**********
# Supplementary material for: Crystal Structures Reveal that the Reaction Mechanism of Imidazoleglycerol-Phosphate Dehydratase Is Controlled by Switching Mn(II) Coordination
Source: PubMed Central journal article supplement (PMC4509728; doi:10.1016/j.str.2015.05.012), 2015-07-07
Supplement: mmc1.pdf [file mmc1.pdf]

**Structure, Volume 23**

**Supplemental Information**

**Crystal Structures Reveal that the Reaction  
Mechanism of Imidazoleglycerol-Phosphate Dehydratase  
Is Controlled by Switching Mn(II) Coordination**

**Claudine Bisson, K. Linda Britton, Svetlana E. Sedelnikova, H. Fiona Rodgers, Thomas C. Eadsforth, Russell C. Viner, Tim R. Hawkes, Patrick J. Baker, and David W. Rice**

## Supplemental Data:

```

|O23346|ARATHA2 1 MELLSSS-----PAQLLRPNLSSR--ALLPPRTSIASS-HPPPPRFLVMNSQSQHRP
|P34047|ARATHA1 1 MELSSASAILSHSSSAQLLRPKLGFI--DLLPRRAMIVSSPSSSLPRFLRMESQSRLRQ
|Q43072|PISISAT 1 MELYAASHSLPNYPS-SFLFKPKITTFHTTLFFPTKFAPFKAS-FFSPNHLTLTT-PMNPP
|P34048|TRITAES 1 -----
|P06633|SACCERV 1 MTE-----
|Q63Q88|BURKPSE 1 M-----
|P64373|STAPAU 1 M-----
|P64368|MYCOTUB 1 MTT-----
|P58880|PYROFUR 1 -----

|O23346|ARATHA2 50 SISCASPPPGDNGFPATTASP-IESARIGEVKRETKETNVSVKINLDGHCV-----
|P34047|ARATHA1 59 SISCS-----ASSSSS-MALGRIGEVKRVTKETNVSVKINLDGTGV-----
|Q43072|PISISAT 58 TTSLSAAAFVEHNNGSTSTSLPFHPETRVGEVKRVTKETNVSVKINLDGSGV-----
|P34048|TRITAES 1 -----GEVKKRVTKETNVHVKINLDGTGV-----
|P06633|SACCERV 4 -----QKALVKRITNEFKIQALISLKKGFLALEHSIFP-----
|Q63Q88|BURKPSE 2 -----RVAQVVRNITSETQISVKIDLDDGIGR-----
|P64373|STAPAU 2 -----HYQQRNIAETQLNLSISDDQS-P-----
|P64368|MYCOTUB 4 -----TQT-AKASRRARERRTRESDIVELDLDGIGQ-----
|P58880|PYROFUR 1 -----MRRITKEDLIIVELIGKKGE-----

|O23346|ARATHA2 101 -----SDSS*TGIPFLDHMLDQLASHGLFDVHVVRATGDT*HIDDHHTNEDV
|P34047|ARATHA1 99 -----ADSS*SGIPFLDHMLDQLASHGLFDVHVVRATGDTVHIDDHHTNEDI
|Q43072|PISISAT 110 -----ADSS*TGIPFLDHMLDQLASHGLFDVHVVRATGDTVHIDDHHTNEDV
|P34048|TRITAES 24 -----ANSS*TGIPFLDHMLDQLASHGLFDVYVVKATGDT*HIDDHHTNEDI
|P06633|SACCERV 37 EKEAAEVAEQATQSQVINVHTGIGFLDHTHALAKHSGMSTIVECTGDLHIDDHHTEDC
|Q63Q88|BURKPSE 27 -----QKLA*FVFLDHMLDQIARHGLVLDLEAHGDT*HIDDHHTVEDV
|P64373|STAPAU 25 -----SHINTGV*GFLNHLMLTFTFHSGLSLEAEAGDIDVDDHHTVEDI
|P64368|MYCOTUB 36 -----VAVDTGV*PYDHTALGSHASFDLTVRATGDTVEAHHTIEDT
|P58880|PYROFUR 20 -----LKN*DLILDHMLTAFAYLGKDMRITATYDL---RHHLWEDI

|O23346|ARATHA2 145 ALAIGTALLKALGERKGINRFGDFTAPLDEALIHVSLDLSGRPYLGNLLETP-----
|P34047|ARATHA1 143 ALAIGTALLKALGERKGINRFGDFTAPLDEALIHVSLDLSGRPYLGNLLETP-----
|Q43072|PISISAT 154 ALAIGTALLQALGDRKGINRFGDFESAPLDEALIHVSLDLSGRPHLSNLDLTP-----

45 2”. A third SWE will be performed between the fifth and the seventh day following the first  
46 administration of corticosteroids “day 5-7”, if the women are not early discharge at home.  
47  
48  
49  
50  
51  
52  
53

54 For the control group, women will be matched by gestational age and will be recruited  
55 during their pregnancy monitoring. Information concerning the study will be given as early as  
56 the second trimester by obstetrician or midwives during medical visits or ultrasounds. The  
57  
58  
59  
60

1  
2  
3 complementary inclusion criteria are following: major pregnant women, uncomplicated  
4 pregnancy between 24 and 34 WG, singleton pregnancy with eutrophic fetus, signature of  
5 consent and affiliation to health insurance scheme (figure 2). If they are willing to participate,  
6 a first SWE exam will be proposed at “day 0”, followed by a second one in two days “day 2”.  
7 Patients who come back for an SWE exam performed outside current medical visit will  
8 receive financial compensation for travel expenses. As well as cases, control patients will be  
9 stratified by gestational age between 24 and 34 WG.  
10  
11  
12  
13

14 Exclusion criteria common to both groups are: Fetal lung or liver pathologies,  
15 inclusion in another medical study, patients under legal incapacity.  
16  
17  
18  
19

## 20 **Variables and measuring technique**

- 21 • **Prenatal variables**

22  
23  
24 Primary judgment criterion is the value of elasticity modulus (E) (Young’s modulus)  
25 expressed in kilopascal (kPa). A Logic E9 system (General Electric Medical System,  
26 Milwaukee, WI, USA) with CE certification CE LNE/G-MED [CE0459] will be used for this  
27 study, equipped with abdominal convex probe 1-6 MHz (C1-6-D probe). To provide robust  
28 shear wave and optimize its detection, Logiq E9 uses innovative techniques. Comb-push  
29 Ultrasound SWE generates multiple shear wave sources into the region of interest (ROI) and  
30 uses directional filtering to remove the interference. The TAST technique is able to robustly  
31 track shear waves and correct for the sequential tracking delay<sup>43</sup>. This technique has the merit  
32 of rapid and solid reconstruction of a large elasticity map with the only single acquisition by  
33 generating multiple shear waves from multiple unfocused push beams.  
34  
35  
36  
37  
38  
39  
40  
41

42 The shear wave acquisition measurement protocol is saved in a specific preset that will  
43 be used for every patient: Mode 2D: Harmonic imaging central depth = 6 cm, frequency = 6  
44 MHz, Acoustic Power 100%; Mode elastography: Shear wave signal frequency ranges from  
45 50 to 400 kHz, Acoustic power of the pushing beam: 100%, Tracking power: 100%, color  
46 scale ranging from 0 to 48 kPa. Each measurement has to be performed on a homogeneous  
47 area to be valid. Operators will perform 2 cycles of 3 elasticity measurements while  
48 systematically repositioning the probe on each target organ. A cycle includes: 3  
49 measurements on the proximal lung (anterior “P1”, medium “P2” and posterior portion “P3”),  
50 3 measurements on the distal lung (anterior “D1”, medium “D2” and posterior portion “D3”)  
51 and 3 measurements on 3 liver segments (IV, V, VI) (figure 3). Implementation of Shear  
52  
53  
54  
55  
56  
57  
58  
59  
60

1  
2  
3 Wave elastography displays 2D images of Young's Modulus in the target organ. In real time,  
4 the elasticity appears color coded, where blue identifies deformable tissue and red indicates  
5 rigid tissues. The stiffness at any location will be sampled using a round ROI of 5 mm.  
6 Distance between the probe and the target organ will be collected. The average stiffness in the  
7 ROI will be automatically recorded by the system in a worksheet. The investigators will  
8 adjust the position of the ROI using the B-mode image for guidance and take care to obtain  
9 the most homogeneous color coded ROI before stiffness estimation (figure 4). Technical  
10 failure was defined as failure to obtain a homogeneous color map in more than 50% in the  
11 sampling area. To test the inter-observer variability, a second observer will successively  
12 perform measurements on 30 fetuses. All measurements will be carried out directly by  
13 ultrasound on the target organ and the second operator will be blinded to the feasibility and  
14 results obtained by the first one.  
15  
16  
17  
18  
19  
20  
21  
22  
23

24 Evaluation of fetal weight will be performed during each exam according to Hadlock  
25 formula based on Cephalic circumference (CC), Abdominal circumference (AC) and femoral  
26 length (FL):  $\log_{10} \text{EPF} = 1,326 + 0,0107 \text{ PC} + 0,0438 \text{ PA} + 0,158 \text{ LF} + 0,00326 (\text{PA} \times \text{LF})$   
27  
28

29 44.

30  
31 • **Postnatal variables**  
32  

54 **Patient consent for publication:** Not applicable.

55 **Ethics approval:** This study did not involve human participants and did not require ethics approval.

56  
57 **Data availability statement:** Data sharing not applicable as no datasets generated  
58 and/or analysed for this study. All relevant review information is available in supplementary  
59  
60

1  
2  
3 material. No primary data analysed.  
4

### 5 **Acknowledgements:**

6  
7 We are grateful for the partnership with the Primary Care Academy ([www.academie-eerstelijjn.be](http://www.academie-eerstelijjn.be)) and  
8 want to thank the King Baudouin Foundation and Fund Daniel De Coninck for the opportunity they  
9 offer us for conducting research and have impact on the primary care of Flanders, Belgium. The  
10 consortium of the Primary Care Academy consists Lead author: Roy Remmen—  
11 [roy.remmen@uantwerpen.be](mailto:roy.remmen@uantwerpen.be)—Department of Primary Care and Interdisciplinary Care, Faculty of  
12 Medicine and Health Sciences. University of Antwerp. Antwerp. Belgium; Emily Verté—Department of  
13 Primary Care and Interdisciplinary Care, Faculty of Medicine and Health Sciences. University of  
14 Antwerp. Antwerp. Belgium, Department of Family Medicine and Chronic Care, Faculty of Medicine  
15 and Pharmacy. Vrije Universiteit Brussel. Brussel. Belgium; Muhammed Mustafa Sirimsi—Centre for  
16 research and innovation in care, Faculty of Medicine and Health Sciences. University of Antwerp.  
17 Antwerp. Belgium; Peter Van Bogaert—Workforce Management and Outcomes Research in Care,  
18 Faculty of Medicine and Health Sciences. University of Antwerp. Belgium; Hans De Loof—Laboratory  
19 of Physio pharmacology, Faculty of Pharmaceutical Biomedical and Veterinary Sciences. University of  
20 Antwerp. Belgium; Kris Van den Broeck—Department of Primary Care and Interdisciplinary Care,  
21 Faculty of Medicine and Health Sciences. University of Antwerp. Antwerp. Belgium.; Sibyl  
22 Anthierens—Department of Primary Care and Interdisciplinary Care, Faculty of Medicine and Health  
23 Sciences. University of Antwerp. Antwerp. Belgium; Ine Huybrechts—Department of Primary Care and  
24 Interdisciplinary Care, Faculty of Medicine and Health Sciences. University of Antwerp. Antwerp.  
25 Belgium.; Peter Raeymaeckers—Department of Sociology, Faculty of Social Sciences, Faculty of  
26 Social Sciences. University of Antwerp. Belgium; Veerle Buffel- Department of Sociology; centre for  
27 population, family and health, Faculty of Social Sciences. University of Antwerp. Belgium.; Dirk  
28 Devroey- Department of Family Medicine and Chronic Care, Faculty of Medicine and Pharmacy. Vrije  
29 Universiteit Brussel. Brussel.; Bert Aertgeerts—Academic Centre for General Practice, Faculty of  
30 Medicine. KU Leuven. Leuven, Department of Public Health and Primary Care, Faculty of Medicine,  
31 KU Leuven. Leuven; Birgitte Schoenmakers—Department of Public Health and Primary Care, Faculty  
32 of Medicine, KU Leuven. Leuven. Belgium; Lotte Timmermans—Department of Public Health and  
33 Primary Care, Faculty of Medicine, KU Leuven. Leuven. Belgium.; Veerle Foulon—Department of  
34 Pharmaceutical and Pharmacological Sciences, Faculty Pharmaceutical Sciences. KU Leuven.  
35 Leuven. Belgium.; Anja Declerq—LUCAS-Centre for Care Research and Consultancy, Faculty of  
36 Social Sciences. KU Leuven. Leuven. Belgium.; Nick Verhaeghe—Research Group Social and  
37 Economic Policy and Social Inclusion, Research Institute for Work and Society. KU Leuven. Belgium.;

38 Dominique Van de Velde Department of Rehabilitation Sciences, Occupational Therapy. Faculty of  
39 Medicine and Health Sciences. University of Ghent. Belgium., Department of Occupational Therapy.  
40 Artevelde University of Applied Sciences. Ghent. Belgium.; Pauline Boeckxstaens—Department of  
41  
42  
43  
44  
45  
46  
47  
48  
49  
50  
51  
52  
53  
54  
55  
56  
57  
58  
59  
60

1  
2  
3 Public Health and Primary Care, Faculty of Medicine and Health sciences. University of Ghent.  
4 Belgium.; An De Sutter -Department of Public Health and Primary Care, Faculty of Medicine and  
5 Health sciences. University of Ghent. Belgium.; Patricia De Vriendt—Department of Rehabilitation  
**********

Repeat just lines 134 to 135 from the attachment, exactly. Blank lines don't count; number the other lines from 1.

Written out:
17  
18  